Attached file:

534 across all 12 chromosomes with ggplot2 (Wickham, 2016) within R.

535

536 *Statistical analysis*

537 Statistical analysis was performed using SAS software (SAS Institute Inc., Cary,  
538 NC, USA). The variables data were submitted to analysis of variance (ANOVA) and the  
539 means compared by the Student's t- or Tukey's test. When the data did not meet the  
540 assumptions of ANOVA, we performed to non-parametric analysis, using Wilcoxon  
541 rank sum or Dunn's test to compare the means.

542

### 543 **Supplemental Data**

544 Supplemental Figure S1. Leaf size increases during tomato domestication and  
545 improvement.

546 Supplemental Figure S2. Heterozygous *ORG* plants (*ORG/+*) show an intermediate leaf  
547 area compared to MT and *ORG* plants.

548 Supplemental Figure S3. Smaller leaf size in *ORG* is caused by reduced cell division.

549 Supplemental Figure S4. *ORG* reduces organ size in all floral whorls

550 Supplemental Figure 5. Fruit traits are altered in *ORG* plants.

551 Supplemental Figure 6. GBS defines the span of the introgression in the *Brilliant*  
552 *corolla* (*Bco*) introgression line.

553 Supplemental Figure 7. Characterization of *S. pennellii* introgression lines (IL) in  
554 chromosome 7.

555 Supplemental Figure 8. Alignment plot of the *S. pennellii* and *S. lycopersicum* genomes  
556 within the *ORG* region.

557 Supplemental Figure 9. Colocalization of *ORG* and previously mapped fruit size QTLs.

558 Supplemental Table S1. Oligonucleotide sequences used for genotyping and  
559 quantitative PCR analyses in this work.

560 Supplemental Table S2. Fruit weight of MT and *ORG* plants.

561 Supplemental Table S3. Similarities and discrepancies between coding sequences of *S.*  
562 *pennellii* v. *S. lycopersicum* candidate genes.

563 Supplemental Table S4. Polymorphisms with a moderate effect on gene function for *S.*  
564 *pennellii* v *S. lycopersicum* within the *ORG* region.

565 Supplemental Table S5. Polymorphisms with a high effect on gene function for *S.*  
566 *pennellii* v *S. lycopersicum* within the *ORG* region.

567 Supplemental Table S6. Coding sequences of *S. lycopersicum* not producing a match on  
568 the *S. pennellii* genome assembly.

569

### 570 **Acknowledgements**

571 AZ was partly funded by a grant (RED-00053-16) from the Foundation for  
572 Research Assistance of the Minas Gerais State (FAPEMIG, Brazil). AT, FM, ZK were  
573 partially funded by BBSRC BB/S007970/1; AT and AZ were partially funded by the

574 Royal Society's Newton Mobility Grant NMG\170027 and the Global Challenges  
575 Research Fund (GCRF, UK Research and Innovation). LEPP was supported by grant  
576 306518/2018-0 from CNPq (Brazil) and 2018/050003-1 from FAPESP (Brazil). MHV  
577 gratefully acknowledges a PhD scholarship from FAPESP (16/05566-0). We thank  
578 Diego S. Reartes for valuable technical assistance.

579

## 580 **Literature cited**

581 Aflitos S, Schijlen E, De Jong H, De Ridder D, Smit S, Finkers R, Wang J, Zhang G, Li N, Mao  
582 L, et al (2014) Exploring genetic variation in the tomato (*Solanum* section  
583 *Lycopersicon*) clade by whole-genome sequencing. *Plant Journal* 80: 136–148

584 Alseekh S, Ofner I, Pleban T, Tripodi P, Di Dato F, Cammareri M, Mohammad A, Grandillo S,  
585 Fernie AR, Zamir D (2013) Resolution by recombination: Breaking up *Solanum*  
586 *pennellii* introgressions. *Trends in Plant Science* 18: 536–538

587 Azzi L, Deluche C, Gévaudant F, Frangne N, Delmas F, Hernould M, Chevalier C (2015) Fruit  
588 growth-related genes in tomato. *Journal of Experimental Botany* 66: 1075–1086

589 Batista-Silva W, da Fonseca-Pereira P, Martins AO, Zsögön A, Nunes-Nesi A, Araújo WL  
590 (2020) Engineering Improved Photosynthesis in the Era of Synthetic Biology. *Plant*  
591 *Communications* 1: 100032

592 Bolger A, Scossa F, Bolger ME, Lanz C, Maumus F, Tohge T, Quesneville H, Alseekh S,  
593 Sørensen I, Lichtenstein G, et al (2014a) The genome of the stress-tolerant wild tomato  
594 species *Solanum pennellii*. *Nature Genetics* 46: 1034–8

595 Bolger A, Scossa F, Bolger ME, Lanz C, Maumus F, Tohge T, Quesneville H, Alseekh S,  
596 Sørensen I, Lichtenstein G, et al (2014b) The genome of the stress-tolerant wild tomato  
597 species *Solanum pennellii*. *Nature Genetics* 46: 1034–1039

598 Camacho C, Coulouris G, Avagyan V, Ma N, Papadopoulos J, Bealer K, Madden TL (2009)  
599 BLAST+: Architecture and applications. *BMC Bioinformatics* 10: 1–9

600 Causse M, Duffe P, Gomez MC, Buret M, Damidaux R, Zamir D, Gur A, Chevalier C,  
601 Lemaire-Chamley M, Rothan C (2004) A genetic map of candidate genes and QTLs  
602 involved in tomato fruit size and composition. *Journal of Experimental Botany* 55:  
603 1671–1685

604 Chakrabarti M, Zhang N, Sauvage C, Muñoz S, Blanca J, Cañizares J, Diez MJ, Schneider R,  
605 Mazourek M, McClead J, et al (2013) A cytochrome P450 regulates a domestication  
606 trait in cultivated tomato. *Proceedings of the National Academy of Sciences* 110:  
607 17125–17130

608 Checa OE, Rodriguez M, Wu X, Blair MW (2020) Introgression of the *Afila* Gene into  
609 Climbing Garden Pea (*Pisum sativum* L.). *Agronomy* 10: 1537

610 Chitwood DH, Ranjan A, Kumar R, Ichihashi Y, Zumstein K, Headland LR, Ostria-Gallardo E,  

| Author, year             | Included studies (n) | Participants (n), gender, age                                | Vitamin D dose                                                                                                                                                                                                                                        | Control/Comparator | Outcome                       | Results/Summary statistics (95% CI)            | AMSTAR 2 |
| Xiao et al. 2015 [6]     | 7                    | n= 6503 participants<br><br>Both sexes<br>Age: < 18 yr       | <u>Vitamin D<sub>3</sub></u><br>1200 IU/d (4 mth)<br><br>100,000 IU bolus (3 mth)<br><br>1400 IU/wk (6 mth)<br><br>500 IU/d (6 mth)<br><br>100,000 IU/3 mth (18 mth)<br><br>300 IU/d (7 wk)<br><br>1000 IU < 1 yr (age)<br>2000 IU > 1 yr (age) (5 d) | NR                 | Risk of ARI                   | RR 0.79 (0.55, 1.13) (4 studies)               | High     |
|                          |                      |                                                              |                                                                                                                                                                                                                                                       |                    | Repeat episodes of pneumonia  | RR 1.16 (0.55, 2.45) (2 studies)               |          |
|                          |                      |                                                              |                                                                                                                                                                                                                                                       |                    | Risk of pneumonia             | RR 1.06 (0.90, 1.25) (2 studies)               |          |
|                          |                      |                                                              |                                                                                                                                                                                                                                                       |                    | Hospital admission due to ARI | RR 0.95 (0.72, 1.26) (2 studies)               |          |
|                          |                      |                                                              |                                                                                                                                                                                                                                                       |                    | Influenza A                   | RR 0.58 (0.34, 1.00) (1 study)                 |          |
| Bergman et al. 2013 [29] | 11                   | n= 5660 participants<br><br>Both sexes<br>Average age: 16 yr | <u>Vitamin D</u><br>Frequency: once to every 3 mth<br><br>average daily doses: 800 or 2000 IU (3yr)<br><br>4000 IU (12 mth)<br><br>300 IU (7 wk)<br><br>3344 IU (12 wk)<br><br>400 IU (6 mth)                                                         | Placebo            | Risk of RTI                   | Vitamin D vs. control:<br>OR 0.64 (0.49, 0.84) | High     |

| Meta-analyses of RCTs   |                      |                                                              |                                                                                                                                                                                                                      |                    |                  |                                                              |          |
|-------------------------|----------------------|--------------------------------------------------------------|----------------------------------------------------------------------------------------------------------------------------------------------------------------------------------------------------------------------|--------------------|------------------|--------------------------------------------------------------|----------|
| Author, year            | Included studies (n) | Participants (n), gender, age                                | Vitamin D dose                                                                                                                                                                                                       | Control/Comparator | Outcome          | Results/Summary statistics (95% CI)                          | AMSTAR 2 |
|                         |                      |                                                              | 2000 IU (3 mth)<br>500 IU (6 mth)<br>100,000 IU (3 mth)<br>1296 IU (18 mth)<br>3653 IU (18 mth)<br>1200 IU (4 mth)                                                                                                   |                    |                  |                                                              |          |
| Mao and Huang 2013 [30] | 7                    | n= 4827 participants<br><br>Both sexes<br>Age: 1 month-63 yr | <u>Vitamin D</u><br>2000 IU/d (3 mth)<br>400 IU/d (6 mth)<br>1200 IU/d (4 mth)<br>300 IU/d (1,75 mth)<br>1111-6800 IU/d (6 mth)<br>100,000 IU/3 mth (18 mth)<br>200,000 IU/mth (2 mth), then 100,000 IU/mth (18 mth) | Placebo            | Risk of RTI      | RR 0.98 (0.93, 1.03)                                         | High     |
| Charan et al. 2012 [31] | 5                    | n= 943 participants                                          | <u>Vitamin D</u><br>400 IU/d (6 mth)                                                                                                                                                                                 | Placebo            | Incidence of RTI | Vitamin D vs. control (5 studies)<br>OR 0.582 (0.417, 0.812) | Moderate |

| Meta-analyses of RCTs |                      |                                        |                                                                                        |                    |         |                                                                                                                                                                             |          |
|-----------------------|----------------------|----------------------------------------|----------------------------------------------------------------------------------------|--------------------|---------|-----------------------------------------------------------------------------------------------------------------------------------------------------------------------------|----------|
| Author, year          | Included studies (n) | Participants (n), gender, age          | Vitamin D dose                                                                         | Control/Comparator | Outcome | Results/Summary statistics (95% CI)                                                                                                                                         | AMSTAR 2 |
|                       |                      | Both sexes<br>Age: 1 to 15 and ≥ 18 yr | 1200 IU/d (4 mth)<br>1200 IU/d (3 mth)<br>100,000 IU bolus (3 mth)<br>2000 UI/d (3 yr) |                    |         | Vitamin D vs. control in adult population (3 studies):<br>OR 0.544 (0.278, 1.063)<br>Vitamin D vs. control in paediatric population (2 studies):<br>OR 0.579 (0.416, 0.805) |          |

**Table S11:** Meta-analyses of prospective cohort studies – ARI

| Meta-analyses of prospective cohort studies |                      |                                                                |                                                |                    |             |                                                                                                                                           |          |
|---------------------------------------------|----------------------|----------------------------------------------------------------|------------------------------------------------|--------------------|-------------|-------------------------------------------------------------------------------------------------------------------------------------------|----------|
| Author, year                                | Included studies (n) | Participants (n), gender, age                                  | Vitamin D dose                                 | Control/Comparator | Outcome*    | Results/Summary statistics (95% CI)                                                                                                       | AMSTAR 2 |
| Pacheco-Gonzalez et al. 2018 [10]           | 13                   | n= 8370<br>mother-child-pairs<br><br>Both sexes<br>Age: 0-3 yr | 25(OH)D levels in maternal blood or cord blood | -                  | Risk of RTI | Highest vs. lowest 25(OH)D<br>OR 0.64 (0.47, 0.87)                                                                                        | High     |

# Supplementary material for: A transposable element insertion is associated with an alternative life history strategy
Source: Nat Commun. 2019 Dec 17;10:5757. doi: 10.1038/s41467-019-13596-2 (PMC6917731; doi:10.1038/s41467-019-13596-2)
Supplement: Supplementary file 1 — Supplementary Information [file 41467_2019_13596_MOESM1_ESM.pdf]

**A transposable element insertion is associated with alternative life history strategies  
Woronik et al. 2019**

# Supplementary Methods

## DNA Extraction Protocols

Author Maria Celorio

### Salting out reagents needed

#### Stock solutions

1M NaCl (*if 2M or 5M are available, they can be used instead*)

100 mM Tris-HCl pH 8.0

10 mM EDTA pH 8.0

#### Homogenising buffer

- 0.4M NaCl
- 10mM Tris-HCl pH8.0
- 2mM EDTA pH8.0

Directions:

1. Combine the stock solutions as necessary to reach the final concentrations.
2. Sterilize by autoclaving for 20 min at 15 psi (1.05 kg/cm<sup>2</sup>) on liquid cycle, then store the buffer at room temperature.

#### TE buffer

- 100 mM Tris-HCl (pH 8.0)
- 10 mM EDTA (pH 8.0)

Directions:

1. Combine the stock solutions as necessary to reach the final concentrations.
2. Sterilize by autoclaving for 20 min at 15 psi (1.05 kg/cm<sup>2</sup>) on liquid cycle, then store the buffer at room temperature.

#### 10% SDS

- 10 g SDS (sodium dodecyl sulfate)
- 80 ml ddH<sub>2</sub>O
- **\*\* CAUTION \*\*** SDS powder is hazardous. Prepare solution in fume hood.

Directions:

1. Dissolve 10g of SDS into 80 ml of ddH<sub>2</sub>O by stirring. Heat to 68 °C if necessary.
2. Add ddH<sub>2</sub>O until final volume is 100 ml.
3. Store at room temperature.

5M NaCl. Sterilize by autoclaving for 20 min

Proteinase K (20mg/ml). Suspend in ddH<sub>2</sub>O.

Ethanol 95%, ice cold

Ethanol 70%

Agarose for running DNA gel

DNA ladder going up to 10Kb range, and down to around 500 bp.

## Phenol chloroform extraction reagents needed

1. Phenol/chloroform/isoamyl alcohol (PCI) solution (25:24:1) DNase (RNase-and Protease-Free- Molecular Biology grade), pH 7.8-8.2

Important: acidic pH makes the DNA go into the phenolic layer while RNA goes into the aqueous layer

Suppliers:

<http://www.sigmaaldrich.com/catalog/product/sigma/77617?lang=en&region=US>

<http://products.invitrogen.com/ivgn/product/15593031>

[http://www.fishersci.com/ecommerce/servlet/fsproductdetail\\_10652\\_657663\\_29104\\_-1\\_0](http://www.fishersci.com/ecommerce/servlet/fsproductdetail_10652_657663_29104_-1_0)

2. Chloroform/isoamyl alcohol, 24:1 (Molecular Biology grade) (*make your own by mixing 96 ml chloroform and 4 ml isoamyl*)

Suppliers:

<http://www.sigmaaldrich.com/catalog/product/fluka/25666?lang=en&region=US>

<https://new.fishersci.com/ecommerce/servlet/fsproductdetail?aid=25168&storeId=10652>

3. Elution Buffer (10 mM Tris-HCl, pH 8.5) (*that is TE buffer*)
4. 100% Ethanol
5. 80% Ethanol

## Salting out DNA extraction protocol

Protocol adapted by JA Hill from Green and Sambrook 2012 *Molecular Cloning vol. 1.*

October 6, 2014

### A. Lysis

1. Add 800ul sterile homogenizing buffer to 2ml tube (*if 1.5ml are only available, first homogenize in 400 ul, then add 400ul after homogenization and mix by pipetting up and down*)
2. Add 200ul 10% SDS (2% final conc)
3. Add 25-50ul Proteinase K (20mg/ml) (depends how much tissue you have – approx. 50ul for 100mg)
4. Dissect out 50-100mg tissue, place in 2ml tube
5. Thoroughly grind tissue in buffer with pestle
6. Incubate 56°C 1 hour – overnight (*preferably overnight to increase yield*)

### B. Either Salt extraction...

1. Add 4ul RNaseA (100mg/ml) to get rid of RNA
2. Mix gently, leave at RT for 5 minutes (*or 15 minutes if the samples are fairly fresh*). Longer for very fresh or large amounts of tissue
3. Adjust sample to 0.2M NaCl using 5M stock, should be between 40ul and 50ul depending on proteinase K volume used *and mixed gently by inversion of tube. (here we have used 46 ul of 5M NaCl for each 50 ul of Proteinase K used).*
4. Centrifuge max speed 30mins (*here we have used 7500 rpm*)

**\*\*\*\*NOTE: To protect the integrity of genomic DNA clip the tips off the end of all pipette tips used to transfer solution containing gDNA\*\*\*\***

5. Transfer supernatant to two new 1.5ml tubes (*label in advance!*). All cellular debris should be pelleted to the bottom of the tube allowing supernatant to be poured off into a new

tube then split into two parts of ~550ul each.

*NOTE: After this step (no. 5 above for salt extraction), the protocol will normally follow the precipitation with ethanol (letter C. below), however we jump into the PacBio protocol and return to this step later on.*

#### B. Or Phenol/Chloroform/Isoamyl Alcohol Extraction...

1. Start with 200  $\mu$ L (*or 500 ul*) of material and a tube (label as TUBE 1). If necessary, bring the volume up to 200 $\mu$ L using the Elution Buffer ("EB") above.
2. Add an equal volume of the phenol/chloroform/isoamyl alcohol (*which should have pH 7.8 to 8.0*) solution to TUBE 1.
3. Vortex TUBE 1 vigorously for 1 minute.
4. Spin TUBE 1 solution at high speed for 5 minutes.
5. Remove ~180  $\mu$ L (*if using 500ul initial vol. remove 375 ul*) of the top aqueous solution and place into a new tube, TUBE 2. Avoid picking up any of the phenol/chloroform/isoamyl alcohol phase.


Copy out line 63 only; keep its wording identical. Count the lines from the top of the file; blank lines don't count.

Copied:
596 Sørensen I, Lichtenstein G, et al (2014b) The genome of the stress-tolerant wild tomato  